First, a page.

Whig Junto

Whig Junto

The Whig Junto is the name given to a group of leading Whigs who were seen to direct the management of the Whig party and often the government, during the reigns of William III and Anne.

The Whig Junto proper consisted of John Somers, later Baron Somers; Charles Montagu, later Earl of Halifax; Thomas Wharton, later Marquess of Wharton; and Edward Russell, later Earl of Orford. They came to prominence due to the favour of the opportunistic "éminence grise", Robert Spencer, 2nd Earl of Sunderland, and during the reign of Queen Anne, Sunderland's son, the 3rd Earl, would join their ranks. Other figures prominent around the edges of the Junto include Sir John Trenchard and Thomas Tollemache.

Somers, Wharton, Russell and Montagu were elected to the House of Commons in 1689 and were granted minor office. Their effectiveness in the Commons brought them Sunderland's attention. The Junto began to dominate the ministry from the time of the resignation of the Tory Secretary of State Lord Nottingham in 1693, communicating to the King and Sunderland through the intermediary of the Whig Secretary of State, the Duke of Shrewsbury. However as the members of the Junto entered the Lords — Somers was made Lord Keeper in 1693 and was promoted to a barony four years later; Wharton succeeded his father as Lord Wharton in 1696 and Russell was created Earl of Orford in 1697 — their hold on the Commons weakened and by 1700 the Junto was largely out of power. In 1701, Somers, Orford and Halifax were impeached but survived the attack and late in the year seemed set to return to power in order to help the king rally support for the War of the Spanish Succession.

William's death in March of 1702 delayed their return as Queen Anne, who had high tory sympathies, detested them and refused to include them in the ministry, which was dominated by Tories. At this time, with the elder Sunderland dead, the Junto's connections to his son, who was the son-in-law of the Queen's favorite the Duke of Marlborough, proved useful, as did the Junto's support of the war, in contrast to Tory ambivalence. In 1705 Somers's protege Lord Cowper was made Lord Keeper and in 1706 Sunderland became a Secretary of State. After the resignation of Harley in 1708, Marlborough and his ally the Lord Treasurer Godolphin became more and more dependent on the Junto, who returned to office with Somers as Lord President, Wharton as Lord Lieutenant of Ireland and Orford as First Lord of the Admiralty.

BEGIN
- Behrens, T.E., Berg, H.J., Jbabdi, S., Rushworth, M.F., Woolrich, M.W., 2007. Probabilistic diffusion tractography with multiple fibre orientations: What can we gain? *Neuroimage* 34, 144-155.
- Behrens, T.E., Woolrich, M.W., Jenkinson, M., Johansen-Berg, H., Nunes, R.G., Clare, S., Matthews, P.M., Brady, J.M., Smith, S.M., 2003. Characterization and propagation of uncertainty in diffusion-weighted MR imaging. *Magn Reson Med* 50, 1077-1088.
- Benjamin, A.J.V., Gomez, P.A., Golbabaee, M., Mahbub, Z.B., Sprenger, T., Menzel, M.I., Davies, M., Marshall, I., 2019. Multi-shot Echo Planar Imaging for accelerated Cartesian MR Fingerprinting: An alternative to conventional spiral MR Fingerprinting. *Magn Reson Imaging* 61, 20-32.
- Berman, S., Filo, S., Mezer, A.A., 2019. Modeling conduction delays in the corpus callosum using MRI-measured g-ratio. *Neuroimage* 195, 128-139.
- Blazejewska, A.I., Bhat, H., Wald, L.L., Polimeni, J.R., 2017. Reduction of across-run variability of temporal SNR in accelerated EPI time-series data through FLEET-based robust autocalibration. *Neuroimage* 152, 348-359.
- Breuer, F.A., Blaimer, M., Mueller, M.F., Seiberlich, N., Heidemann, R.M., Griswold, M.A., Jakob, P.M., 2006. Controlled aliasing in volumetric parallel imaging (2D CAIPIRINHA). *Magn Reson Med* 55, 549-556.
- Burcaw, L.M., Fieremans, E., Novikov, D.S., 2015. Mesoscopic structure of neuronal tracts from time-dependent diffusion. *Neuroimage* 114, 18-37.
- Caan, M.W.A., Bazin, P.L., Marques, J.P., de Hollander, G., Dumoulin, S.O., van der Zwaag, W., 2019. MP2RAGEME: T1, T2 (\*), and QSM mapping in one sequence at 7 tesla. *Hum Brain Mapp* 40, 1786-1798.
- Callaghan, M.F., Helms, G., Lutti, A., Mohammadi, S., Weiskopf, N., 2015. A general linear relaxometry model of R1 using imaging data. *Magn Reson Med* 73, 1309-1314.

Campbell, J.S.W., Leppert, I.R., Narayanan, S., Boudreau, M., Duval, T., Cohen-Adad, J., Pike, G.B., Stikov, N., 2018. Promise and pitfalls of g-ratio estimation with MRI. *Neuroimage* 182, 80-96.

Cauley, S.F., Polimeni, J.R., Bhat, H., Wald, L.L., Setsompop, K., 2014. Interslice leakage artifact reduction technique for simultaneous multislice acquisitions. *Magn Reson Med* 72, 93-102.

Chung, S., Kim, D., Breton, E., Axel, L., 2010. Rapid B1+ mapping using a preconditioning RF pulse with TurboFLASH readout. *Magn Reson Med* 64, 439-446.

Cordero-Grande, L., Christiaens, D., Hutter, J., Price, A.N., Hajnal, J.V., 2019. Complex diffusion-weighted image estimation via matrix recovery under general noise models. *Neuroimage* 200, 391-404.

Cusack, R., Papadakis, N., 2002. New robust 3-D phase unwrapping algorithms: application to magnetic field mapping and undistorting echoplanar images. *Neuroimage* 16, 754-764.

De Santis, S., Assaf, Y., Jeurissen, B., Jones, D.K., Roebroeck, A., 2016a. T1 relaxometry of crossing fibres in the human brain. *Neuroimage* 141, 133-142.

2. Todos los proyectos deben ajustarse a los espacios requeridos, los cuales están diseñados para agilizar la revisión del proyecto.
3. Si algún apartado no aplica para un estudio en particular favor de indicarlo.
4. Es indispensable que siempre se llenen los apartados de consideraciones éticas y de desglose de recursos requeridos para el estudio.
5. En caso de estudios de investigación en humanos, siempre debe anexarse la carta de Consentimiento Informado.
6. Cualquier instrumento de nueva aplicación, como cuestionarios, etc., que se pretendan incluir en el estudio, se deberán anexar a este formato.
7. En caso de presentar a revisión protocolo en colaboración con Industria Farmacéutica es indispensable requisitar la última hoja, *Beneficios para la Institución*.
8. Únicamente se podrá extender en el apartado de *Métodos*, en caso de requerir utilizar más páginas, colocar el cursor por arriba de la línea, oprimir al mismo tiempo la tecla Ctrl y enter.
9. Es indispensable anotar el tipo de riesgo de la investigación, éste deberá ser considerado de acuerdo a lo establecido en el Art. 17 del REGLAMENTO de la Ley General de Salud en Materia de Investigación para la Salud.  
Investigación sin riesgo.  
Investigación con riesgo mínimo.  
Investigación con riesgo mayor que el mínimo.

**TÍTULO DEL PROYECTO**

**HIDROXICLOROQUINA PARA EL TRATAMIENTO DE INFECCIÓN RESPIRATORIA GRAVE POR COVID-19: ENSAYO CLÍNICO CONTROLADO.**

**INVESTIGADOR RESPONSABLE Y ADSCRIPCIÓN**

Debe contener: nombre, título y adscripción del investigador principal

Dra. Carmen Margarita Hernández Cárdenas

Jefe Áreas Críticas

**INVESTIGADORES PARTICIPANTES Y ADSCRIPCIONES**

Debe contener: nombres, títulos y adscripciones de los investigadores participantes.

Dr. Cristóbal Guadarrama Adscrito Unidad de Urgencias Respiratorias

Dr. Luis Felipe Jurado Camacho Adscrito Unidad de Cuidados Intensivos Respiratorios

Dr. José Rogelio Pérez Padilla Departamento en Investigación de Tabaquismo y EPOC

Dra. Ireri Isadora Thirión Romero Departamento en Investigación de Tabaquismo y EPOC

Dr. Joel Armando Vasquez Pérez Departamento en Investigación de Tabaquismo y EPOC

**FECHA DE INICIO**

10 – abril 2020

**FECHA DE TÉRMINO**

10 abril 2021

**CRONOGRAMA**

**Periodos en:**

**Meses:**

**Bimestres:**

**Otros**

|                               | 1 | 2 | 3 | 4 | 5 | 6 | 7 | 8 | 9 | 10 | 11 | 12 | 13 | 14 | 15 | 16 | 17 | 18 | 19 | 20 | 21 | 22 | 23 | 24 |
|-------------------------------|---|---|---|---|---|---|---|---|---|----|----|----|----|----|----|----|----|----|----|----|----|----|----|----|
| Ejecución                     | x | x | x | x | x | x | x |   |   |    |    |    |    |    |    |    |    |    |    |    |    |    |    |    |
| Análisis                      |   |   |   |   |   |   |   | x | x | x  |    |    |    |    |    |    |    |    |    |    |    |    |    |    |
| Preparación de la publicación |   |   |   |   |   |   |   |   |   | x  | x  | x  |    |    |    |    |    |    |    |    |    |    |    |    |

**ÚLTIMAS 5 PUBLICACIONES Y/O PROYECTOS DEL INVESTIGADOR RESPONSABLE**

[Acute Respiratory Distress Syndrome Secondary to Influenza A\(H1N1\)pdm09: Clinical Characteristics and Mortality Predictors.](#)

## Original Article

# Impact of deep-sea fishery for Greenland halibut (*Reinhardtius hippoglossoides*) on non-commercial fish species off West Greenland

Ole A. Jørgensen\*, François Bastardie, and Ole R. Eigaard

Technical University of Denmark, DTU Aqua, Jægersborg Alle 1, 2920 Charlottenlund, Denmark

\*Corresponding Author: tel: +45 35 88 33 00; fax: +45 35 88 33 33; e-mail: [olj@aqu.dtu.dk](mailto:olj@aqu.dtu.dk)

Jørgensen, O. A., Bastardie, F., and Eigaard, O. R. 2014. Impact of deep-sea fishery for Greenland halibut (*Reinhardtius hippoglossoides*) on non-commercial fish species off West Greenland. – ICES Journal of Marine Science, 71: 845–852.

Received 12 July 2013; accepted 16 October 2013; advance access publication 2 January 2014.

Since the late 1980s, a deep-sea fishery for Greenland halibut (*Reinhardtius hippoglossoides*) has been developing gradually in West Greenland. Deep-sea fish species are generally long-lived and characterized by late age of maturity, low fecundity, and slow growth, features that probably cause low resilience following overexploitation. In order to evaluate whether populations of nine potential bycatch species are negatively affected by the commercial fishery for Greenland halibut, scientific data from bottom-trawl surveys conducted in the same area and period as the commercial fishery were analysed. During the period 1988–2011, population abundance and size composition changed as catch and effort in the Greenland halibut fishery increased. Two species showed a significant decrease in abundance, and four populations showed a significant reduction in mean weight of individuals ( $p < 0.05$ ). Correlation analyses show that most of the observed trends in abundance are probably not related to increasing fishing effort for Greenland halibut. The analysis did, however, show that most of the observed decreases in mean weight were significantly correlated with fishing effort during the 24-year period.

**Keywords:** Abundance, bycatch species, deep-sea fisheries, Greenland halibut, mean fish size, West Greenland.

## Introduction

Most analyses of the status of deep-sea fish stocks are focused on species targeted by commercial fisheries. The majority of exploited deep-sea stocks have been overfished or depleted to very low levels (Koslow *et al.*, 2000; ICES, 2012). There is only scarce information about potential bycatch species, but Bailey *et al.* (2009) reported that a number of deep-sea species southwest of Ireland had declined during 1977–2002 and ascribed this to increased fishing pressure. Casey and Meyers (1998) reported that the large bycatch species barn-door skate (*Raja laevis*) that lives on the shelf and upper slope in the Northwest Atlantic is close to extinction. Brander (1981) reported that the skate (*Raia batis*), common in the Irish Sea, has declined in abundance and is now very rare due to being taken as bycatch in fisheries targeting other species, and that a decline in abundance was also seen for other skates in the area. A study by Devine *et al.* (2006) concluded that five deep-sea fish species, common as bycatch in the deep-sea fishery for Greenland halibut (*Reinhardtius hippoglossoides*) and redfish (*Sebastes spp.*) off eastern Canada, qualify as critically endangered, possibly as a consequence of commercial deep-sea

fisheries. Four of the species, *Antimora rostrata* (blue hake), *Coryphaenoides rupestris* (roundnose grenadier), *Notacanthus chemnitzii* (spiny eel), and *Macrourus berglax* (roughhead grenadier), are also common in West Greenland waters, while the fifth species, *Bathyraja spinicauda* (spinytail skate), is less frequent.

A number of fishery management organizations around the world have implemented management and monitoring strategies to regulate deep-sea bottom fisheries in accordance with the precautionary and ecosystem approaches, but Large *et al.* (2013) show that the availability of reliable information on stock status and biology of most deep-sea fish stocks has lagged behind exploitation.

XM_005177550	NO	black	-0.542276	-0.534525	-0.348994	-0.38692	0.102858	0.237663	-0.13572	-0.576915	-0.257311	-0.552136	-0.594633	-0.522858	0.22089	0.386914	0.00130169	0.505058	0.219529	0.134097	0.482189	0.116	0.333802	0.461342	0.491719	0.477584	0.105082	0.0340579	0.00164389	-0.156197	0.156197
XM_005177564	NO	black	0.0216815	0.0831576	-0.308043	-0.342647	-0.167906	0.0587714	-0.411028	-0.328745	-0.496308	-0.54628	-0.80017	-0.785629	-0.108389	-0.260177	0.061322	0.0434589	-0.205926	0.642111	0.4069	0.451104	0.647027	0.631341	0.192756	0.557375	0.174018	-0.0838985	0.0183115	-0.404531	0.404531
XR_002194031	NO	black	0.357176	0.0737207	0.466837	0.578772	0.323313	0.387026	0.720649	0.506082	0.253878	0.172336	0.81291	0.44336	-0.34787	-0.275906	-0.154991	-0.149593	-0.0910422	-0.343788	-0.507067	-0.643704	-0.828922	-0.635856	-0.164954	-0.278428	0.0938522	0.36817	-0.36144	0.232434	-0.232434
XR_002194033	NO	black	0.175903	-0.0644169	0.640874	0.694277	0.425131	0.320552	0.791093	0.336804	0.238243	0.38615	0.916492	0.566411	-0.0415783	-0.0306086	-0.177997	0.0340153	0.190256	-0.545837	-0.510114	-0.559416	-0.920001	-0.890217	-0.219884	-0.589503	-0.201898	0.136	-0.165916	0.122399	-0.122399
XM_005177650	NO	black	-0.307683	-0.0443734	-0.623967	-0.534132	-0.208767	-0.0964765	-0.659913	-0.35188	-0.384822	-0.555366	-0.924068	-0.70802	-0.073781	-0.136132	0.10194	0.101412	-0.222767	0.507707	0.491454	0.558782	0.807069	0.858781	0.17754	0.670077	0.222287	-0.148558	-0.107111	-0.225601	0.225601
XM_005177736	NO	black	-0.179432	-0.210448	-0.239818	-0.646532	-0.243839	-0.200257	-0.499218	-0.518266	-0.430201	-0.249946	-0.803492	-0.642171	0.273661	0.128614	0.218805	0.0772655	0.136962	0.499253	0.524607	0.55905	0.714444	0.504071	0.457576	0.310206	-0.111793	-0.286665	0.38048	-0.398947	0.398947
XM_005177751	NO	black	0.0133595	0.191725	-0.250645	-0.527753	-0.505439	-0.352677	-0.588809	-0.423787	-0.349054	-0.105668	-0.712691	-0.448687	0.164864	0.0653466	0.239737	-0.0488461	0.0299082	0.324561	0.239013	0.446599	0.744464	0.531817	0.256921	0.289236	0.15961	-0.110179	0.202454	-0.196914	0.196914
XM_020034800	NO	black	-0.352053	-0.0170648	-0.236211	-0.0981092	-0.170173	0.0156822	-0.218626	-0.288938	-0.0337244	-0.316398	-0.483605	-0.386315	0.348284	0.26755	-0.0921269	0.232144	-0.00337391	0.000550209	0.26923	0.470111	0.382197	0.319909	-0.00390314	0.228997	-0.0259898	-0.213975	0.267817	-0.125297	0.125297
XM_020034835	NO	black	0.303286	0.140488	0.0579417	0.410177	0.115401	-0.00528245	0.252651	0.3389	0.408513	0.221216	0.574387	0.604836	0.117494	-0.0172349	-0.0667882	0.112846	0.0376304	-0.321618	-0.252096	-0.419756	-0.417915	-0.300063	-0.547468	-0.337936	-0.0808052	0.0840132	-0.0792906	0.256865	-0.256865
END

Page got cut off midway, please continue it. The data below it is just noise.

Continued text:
The ministry's increasing dependence on the hated Junto Whigs caused the Queen's relationship with the Marlboroughs and Godolphin to sour. In 1710 Godolphin and the Junto Whigs were forced from power. The Junto led opposition to the new ministry's peace policy from the House of Lords, leading to the creation of new peers to prevent this opposition from voting down the peace treaty.

The Junto came back to power after the accession of George I in 1714 but most of the members died early in the new reign - Wharton and Halifax in 1715, Somers the next year, while Orford and Sunderland, the survivors, soon fell out with each other with Orford not holding office after 1717.

ee also

* First Whig Junto

Wikimedia Foundation. 2010.

Look at other dictionaries:

  • First Whig Junto — The First Whig Junto controlled the government of England from 1694 to 1699.Having slowly increased their presence in government under Lord Danby, the Whig Junto established dominance in 1694 with the appointment of Charles Montagu as Chancellor… …   Wikipedia

  • Junto (disambiguation) — Junto is the Philadelphia club started by Benjamin Franklin.Junto may be: * Whig Junto, British political leaders group * Junto (band)See also: * Junta (disambiguation) …   Wikipedia

  • Whig (British political party) — Whigs Founded 1678 Dissolved 1868 Preceded by Count …   Wikipedia

  • Whig (British political faction) — The Whigs (with the Tories) are often described as one of two political parties in England and later the United Kingdom from the late 17th to the mid 19th centuries. It is more accurate to describe the original two ideas as loose groupings, or… …   Wikipedia

  • Junto — This is about the Philadelphia club, c. 1730. For other uses, see Junto (disambiguation). The Junto was a club established in 1727 by Benjamin Franklin for mutual improvement in Philadelphia. Also known as the Leather Apron Club , its purpose was …   Wikipedia

  • JUNTO —    the name given to a Whig faction in the reign of William III., that for 20 years exercised a great influence in the affairs of the nation, of which Russell, Lord Keeper Somers, and Charles Montague were the leading members …   The Nuttall Encyclopaedia

  • John Churchill, 1st Duke of Marlborough — Duke of Marlborough and John Churchill redirect here. For subsequent dukes, see Duke of Marlborough (title). For others of this name, see John Churchill (disambiguation). His Grace The Duke of Marlborough KG, PC …   Wikipedia

  • Anne, Queen of Great Britain — Queen Anne redirects here. For other uses, see Queen Anne (disambiguation). Anne …   Wikipedia

  • Charles Davenant — (1656–1714), English economist, eldest son of Sir William Davenant, the poet, was born in London. Contents 1 Overview 2 Biography 3 Contributions 4 References …   Wikipedia

  • United Kingdom coalition government (1852–1855) — The Coalition Ministry of 1854 as painted by Sir John Gilbert (1855) After the collapse of Lord Derby s minority government, the Whigs and Peelites formed a coalition under the Peelite leader Lord Aberdeen. The government resigned in early 1855… …   Wikipedia

Share the article and excerpts

Direct link
Do a right-click on the link above
and select “Copy Link”

We are using cookies for the best presentation of our site. Continuing to use this site, you agree with this.